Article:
When my son Jaden was five years old, I gave him a Los Angeles Lakers’ poker set given to me by the late Dr. Jerry Buss. His mother hid it in the garage. Jaden, now 14, found it and brought it to my house this Thanksgiving and asked me if I could teach him how to play poker. I had wrestled with what I would do on the day my children would want to learn to play and whether I should teach them.
I am sure many gaming industry professionals have had the same thoughts. All my children know their dad works in the gaming industry and has played poker for fifty years. My younger kids like to Google my name and tell me about what they read online, and they are starting to ask me many questions about gambling like why I haven’t won the Main Event. With the Internet and social media, young people today are exposed to social gaming at an early age.
Children today grow up playing games, and gambling is just an extension of gaming to them. It is so much harder to shield children nowadays, so I decided if I am going to teach my kids about gaming, I will make sure they understand all the pitfalls–the good, bad and ugly. In our conversation about poker, my fourteen year old tried to convince me that his video games Call of Duty and Grand Theft Auto are educational. Those games make gambling look like Candy Land. I find these videos games very disturbing. In fact, they inspired me to form my own company, Crown Digital Games, so I can develop games like Giant Paintball, which uses paint instead of bullets that my children can play that keeps the competitive element without the blood and gore.
I feel poker, unlike video games, can teach so much about life. It teaches about winning and losing, math, money management and psychology just to name a few things; most of all, it teaches you about people. I teach my children there is a time and place for gaming, and it should never interfere with their family or education. The key is to remember to keep it fun and to gamble responsibly within one’s limits and make sure it never interferes with family. Poker has created a blessed life for me the past fifty years, but it has come with some pain and suffering. As I reflect back, I do have some regrets and wished I had spent more time on the important things in life. As the Poker Hall of Famer Fred “Sarge” Ferris said when he realized he was terminally ill, he wished he had stopped and smelled the roses.
On Thanksgiving it’s a tradition at my wife’s family gathering to play poker. Her 21-year-old niece is very competitive and beat us all out of our $5 buy-in. She was taught poker at an early age. She informed me she is taking a course at San Diego State University called “Cross Cultural Gambling.” She said she watched the movie Rounders in class where the students discussed the consequences of gambling. At the peak of the poker boom, there is no telling how many students played poker online on their computers in their dorm rooms. Now with smartphones in the hands of our youth, it is time for them to learn about the personal and social impact of gambling in the classroom.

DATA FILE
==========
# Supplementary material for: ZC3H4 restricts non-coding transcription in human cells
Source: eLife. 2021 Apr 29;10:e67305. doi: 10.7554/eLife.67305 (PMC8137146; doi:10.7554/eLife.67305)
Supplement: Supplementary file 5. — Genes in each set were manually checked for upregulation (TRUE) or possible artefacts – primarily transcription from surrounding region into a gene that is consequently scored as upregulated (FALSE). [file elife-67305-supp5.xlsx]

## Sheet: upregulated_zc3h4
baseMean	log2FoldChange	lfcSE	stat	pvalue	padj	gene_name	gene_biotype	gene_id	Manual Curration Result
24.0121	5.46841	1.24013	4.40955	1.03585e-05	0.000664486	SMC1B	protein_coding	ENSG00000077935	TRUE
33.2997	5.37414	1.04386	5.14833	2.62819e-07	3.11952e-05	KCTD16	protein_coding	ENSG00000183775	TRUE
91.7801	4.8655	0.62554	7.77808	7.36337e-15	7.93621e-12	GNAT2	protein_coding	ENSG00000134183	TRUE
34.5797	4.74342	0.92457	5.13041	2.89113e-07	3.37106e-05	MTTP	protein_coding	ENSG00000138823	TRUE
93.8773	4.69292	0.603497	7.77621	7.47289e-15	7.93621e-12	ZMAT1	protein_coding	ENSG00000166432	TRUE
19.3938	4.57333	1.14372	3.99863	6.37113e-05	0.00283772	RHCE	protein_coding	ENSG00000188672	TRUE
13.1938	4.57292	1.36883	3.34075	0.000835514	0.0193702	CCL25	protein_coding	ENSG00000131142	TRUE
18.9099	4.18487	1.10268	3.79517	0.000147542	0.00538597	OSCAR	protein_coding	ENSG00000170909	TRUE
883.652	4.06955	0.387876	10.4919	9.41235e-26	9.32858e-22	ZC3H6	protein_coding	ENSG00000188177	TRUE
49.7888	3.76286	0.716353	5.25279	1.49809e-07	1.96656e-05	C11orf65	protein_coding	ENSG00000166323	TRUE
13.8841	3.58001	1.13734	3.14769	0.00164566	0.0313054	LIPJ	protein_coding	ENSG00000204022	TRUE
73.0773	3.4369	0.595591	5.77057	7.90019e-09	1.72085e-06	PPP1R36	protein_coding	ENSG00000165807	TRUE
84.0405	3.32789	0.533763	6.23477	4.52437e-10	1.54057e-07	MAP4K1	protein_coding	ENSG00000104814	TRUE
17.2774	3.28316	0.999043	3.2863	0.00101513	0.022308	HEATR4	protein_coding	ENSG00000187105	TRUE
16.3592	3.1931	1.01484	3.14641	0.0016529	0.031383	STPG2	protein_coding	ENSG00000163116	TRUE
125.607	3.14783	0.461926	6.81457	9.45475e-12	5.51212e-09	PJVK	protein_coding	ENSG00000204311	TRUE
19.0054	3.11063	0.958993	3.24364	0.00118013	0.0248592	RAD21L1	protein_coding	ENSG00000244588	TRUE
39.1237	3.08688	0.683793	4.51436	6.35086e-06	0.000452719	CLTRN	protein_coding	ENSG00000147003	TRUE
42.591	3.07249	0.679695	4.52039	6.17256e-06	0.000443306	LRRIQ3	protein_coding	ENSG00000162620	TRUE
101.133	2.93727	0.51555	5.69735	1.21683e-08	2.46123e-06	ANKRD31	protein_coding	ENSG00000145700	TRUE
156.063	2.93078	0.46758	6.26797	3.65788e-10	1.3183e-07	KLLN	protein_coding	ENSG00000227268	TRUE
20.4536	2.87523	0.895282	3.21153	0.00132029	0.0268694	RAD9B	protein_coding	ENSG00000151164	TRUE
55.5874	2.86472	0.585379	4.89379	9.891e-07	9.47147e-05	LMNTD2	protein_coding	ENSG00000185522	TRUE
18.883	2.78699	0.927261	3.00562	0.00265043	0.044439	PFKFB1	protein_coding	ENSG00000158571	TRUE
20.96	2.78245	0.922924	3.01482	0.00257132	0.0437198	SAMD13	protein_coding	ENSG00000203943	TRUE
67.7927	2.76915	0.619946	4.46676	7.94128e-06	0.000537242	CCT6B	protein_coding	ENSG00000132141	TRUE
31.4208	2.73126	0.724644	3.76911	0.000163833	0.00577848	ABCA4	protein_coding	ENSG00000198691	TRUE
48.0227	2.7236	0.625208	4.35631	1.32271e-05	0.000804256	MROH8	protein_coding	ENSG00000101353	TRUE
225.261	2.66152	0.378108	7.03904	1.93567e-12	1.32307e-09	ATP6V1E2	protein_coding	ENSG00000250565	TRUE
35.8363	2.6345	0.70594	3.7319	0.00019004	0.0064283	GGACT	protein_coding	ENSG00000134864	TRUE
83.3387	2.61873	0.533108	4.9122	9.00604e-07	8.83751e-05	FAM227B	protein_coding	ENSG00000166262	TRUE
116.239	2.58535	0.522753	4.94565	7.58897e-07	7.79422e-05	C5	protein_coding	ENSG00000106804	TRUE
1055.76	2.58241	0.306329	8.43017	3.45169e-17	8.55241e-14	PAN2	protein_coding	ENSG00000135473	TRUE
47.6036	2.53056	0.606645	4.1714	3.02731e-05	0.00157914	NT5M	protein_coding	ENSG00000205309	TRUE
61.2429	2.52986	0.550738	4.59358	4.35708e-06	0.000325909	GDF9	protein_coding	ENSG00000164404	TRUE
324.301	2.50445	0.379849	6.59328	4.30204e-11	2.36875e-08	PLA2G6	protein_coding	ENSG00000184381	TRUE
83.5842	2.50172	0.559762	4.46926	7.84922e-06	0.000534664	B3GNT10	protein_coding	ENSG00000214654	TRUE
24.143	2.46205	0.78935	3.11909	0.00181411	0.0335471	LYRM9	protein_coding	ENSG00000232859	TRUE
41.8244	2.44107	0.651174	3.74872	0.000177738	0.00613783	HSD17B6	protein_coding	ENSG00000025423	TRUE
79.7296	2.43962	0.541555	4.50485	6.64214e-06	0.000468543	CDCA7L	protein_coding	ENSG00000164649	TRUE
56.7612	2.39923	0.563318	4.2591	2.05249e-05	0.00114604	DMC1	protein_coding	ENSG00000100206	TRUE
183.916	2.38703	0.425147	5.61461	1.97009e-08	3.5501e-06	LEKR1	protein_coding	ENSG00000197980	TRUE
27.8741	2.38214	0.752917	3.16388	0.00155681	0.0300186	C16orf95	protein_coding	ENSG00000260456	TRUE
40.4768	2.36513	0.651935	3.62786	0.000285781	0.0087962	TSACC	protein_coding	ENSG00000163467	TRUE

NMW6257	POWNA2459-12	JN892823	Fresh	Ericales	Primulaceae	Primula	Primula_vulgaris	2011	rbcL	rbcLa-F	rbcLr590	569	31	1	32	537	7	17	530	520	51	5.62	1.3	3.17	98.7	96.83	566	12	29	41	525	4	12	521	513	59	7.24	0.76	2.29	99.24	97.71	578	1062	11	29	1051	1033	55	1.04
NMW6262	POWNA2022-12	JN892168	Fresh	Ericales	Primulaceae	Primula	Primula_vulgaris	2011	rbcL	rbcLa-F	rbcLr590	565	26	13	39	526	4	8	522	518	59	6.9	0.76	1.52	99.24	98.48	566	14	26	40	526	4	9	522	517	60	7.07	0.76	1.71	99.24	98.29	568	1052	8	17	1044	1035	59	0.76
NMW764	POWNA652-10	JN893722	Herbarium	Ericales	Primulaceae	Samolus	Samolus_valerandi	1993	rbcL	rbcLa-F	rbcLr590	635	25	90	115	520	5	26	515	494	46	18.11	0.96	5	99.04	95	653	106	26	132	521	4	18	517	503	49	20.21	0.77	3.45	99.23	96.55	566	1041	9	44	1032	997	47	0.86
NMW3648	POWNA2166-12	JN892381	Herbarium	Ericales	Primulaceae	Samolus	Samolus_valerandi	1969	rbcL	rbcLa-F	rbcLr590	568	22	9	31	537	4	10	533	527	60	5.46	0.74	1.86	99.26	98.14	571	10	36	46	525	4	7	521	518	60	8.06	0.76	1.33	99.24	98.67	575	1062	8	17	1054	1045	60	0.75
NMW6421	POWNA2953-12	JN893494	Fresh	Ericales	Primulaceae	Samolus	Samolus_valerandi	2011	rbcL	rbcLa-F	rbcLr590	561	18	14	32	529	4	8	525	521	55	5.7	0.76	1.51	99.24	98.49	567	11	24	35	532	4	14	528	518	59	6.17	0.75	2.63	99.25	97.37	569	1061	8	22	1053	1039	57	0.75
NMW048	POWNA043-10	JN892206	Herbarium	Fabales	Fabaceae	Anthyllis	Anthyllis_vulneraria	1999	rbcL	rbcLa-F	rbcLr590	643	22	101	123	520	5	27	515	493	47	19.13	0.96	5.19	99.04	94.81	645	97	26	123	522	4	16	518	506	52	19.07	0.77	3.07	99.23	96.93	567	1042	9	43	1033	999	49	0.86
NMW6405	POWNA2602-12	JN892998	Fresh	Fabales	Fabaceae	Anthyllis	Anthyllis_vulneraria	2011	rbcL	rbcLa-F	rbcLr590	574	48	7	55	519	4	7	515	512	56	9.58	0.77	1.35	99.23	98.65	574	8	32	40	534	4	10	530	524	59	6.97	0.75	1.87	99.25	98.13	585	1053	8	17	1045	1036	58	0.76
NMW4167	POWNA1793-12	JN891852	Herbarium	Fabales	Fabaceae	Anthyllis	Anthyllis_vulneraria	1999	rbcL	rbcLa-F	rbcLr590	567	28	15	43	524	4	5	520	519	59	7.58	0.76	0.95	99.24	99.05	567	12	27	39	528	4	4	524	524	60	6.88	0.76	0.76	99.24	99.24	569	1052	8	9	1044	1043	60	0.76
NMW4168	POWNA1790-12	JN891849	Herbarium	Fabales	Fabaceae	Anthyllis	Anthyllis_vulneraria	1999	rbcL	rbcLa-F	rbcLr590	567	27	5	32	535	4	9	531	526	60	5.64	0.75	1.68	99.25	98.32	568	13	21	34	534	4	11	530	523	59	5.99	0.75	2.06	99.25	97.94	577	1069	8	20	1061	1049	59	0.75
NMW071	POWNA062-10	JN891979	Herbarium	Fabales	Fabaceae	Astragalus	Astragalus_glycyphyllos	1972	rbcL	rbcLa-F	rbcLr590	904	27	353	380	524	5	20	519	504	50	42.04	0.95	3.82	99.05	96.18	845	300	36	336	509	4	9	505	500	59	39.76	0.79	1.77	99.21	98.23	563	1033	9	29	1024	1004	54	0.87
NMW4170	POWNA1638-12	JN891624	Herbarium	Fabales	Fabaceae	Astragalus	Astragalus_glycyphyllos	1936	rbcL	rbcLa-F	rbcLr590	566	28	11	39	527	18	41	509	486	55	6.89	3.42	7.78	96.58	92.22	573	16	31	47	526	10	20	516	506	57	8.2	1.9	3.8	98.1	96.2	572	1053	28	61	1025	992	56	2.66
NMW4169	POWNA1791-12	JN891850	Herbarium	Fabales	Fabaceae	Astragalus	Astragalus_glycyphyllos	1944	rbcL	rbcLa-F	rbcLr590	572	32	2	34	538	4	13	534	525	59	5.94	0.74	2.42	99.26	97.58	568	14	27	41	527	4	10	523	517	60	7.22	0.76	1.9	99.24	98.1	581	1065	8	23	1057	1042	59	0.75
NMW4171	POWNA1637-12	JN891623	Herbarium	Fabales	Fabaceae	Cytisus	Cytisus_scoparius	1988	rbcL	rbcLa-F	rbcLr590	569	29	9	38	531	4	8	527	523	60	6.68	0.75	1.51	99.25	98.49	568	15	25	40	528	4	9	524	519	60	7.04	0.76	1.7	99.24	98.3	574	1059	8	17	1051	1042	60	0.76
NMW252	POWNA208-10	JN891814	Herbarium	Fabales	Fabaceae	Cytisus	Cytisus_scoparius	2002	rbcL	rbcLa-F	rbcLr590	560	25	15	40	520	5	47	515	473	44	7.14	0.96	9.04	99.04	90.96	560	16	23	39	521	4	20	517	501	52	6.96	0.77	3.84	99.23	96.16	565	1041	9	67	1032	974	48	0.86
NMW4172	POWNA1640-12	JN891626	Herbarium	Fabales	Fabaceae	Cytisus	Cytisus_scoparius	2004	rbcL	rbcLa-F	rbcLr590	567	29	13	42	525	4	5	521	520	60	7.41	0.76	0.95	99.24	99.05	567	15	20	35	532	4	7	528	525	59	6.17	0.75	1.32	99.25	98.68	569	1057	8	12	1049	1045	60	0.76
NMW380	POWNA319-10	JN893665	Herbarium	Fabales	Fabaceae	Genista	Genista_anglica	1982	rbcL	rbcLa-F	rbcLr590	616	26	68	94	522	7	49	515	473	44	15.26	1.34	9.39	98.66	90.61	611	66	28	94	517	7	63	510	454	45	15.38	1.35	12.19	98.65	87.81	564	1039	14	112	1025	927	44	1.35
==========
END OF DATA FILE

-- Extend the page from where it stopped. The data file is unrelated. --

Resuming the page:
The gaming industry is going through a seismic shift. For the first time, gaming has a chance to become mainstream. It is moving from the back room to your living room. The leap from play money to real money is just a click away. Putting our heads in the sand pretending our children are not being exposed to gambling is naïve.
As parents we need to be aware of the proliferation of all forms of social gaming and know what our kids are downloading and playing. As the Washington Post reported in February 2011, an eight-year-old girl rang up a $1400 bill in the Capcom game Smurfs’ Village. Though the game was free to download, the smurfberry purchases made within it cost real money. The lesson here is the virtual games in our children’s pockets are one step away from real gambling, and it is playing on their competitive and addictive behavior.
I am 65 years old. One thing I want to leave in my children’s minds about the business I have been in for fifty years is that gambling has consequences, both good and bad. I want them to be winners in life. With gambling now becoming legal online and at our fingertips 24/7, it is imperative we educate the young as they walk around with a casino in their pocket.
Robert Turner is a legendary poker player and marketing expert. He is most well-known for introducing the game of Omaha poker to Nevada in 1982 and to California in 1986. He created Live at the Bike, the first live gaming site broadcast on the Internet in 2002. He also created the Legends of Poker for the Bicycle Casino in 1995.
He has spent over 30 years in casino marketing and player development and has served as an executive host at the Bicycle Casino and MGM Grand. He is currently working with his new companies Crown Digital Games developing mobile apps and Vision Poker, a poker marketing group.